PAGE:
Of course, we could also participate; the choir could sing--though Gladys would have to
go--have you ever heard her? Anyway, let's us not be deceived or kept from our call to win
as many souls as we possibly can for the least amount of money. TV will give us the
greatest amount of bang for the buck.
Unlimited faith, unlimited power. It's biblical, see for yourself. Yet something
is missing, something terribly wrong. Faith, for many Christians is a thing, a commodity
that is developed to secure other things. One writer describes it like this:
I would like to buy $3.00 worth of faith, please. Not enough to explode my
soul or disturb my sleep, but just enough to equal a cup of warm milk or a snooze in the
sunshine. I don't want enough of it to make me love a black man or pick beets with a
migrant. Just $3.00 dollars worth, please.
Another writer describes the high-visibility kind of faith, the powerful kind of
faith when in church and a faith that quietly works in the background:
But how would I react, I wonder
If you pointed to a basin of water,
And asked me to wash the calloused feet
Of a bent and wrinkled old woman day after day
Month after month in a room where nobody saw And nobody knew.
Luke apparently discovered that faith as a thing by itself is as dangerous as some
middle school guys trying out their first cigarette while they're pumping gas. Luke must
have had some run-ins with members of his congregation who had taken their scissors to the
gospel and had neatly cut out all the verses concerning faith. He saw what happened when
they pasted them over every problem that confronted them. No suffering here. Not when we
can exercise mulberry-moving faith. But in the process of this cut-and-paste faith,
something tragic had happened. As persons became more and more preoccupied with increasing
their faith, they became less and less aware of folks around them. Less and less concerned
the needs of others. In the face of hunger and destitution they would do exactly as Jesus
taught. They would say to those who came to them for help: "Go, be filled and
warmed," yet wouldn't budge a finger to help alleviate their needs. So after this
heady little word about faith, Luke moves immediately to include an unrelated subject.
Starts talking about something about servanthood.
"What servant among you, Jesus begins, "comes in from a day's work
and plops him or herself down and asks the master for a menu? The disciples crack up with
snickering. How absurd! How silly. Everyone knows that servants serve and masters master.
No reversals. No exceptions. No changes to the game plan. Half of the Roman empire were
slaves and served the other half. "You're exactly right," says Jesus.
"Servants serve, and masters master." But then Jesus goes on to add," And
that's they it is with those who have faith. I am the master and they are servants."
I think our gospel writer wants us to see that our faith is never an object to use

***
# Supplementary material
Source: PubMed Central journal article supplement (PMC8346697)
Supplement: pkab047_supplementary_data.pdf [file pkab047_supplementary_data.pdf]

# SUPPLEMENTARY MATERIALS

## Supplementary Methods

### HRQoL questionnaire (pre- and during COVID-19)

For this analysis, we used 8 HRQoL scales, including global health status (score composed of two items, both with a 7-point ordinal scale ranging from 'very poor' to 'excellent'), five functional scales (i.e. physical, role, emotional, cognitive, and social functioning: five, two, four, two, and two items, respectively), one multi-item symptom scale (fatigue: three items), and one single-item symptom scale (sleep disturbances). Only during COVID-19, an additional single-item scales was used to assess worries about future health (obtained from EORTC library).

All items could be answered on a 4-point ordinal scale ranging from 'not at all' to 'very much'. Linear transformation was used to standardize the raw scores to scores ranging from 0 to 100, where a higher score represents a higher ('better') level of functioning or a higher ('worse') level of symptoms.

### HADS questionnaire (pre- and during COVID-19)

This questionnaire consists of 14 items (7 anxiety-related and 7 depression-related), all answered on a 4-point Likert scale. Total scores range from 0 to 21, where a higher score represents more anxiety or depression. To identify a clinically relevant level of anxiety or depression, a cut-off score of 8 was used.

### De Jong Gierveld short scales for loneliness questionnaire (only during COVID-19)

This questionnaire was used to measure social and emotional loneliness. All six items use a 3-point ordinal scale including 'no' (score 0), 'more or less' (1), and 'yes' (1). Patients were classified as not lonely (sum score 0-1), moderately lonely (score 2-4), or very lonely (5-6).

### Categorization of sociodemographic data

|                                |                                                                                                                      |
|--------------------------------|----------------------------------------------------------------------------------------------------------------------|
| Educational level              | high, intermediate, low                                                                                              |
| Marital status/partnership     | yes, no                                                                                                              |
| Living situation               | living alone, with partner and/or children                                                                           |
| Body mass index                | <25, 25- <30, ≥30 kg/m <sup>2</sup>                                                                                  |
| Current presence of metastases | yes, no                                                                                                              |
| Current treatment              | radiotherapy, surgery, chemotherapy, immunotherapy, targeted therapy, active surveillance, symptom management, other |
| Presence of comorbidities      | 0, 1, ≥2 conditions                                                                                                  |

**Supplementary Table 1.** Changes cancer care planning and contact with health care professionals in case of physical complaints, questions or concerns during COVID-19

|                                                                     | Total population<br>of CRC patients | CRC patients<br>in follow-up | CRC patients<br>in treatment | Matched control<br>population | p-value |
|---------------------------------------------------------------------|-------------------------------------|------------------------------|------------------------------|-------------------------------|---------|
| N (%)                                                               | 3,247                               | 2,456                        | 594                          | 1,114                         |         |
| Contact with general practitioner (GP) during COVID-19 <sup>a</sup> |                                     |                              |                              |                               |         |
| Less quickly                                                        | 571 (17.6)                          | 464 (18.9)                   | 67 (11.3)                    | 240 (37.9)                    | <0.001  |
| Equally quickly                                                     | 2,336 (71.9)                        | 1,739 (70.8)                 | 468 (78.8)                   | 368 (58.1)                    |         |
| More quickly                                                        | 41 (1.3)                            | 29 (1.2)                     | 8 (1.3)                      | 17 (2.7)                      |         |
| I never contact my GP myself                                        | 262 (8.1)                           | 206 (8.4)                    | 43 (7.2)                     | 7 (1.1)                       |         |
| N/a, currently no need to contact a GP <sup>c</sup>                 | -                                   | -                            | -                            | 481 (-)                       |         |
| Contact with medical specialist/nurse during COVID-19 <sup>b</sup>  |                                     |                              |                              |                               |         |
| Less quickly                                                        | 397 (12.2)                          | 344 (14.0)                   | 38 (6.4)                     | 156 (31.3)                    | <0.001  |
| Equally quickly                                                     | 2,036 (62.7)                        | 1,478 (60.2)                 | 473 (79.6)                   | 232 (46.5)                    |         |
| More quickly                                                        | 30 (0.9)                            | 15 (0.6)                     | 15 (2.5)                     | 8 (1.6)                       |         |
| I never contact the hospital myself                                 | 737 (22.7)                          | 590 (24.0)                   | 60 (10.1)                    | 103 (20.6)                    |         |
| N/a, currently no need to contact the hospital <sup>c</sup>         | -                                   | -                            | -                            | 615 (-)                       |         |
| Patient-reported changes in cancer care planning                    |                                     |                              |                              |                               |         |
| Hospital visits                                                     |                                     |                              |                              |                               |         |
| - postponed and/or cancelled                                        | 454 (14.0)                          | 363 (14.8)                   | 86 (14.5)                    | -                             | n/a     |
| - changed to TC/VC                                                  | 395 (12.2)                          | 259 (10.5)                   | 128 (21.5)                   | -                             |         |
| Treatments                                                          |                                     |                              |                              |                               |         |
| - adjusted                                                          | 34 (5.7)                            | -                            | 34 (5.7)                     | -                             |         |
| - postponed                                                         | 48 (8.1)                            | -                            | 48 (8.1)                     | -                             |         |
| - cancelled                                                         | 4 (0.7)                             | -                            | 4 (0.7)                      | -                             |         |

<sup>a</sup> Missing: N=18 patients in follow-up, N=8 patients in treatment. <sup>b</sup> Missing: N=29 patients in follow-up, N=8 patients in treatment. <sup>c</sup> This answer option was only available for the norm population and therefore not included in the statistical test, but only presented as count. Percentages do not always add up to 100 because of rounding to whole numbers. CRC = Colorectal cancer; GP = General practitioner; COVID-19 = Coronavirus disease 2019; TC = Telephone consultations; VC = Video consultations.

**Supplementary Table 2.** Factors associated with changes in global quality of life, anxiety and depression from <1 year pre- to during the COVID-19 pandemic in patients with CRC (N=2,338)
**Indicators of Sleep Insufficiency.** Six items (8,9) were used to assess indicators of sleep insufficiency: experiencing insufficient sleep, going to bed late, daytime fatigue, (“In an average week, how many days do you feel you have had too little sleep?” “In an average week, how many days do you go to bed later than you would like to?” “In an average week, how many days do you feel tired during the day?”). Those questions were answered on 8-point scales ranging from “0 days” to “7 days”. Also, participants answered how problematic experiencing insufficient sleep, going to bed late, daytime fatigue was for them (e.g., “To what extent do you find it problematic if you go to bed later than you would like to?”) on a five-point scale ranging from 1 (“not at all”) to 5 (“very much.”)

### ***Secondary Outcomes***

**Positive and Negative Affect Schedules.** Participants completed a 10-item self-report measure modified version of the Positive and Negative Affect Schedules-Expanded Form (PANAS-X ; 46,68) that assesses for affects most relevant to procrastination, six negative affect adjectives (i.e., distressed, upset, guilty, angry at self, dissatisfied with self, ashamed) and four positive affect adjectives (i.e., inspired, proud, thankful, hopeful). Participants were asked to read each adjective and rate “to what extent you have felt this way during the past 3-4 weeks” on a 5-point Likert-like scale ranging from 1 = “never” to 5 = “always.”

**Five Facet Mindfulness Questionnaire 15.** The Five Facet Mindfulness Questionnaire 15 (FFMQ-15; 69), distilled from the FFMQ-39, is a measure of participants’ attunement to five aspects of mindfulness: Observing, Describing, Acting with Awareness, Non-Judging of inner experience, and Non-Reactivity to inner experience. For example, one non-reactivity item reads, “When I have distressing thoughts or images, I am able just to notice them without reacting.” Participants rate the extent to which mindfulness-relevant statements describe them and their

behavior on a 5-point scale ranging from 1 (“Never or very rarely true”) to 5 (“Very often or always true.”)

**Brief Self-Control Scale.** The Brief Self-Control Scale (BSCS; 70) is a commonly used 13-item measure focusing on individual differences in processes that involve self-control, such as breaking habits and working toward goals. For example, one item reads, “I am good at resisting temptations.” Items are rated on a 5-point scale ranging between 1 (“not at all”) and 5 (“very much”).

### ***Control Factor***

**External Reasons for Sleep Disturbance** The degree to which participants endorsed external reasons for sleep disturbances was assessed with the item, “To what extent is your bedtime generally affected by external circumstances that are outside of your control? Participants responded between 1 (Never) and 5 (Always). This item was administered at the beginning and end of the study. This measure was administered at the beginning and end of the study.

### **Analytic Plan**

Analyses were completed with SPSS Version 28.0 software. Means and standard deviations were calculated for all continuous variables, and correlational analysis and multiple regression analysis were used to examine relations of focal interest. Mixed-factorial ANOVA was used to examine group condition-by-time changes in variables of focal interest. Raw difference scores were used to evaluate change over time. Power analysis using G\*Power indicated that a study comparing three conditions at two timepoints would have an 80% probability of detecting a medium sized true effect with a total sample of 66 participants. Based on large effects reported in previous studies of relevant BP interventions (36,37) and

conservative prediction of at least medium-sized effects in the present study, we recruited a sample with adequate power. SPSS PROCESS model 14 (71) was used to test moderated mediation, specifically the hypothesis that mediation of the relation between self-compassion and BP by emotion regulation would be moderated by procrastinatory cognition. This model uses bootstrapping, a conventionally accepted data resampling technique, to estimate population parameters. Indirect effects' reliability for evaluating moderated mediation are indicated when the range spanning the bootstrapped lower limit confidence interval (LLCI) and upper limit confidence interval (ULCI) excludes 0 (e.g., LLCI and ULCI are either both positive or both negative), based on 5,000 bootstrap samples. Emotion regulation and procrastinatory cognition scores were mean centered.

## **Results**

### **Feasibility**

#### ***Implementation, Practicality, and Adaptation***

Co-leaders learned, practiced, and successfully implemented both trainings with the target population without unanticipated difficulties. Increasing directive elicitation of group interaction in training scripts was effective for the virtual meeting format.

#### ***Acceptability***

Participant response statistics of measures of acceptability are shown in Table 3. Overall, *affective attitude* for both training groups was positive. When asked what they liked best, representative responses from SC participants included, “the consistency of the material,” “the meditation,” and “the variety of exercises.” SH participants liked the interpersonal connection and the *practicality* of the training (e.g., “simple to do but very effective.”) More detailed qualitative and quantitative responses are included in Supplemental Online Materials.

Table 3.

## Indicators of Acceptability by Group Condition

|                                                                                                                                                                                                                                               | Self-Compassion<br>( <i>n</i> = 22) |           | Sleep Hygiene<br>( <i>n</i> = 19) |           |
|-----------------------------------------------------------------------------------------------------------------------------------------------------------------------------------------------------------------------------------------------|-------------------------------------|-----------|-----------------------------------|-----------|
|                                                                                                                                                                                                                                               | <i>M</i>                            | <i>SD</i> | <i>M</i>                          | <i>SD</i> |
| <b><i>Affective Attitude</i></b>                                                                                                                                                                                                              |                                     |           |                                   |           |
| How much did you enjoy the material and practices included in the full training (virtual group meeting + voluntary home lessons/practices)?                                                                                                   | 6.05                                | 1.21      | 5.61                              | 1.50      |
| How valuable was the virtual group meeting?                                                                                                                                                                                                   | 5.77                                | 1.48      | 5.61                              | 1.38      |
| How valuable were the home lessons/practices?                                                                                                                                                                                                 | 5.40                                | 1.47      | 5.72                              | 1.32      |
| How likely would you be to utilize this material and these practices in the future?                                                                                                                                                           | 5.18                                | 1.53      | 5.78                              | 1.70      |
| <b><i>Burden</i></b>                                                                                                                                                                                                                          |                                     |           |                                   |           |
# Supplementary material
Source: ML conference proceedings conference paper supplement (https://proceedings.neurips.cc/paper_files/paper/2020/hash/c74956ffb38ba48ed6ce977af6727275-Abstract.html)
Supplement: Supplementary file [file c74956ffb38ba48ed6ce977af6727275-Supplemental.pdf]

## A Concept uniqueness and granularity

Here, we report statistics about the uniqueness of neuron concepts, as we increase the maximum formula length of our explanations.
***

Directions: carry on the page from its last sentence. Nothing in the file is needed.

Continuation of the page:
at our whim and for our whims, but an instrument of service for others. In fact, the more
we serve, the greater character of faith we possess. Someone once said, "We are all
equally privileged, but untitled beggars at the door of God's mercy." Even after
we've used our mulberry-working faith, Jesus says we should still call ourselves doulos,
Colonel James Irwin is an astronaut who formed part of the crew that made the
historic first walk on the moon. He remembered leaving our planet and watching it shrink
in size. He saw earthrises. He experienced the sheer exhilaration of weightlessness in his
famous walk on the moon--seven times less gravity than on earth. On the way home he began
to realize what his unique experiences would turn him into--a superstar:
As I was returning to earth, I realized that I was a servant--not a celebrity.
So I am here as God's servant on planet earth to share what I have experienced
that others might know the glory of God.
Faith is a giver, not a getter. Faith is an action not a discussion. A servant not
a superstar. I am beginning to discover that faith works better when it is in community
with servanthood. We need both to possess either one. And we especially need them both
By faith today, we celebrate a special Eucharist. For across this globe,
Christians of every denomination, race, and culture will be partaking in Holy Communion.
By faith today we brown-skinned Christians. We are Somalians and we are hungry. Our
children are starved. Most of our men have died in battle or run away from their wives.
Gaunt, joyless women silently walk toward the feeding sites with their potbellied
children. Some of our children wear red bands around their wrists. Means they're in the
worst condition. Means they won't live. Maybe until the next hand out of bread, maybe not.
They would like prayer from people with mulberry-moving faith. But they will die without
We are Christians of many different colors. We are Hispanic. Puerto Rican.
Caucasian. Black. We are Middle class. We are upper class. We live below the poverty-line.
We have homes in Florida. That is, we used to have homes before the last hurricane came
through town. We need your faith. But we desperately need diapers and nails and milk and
sheet rock and blankets and oatmeal.
"Increase our faith, Lord!" Jesus promises us powerful, mulberry-moving
faith, but with great faith he calls us to great servanthood. Great faith is a giver, not
a getter. Great faith is an action, not a discussion. Great faith is a servant, not a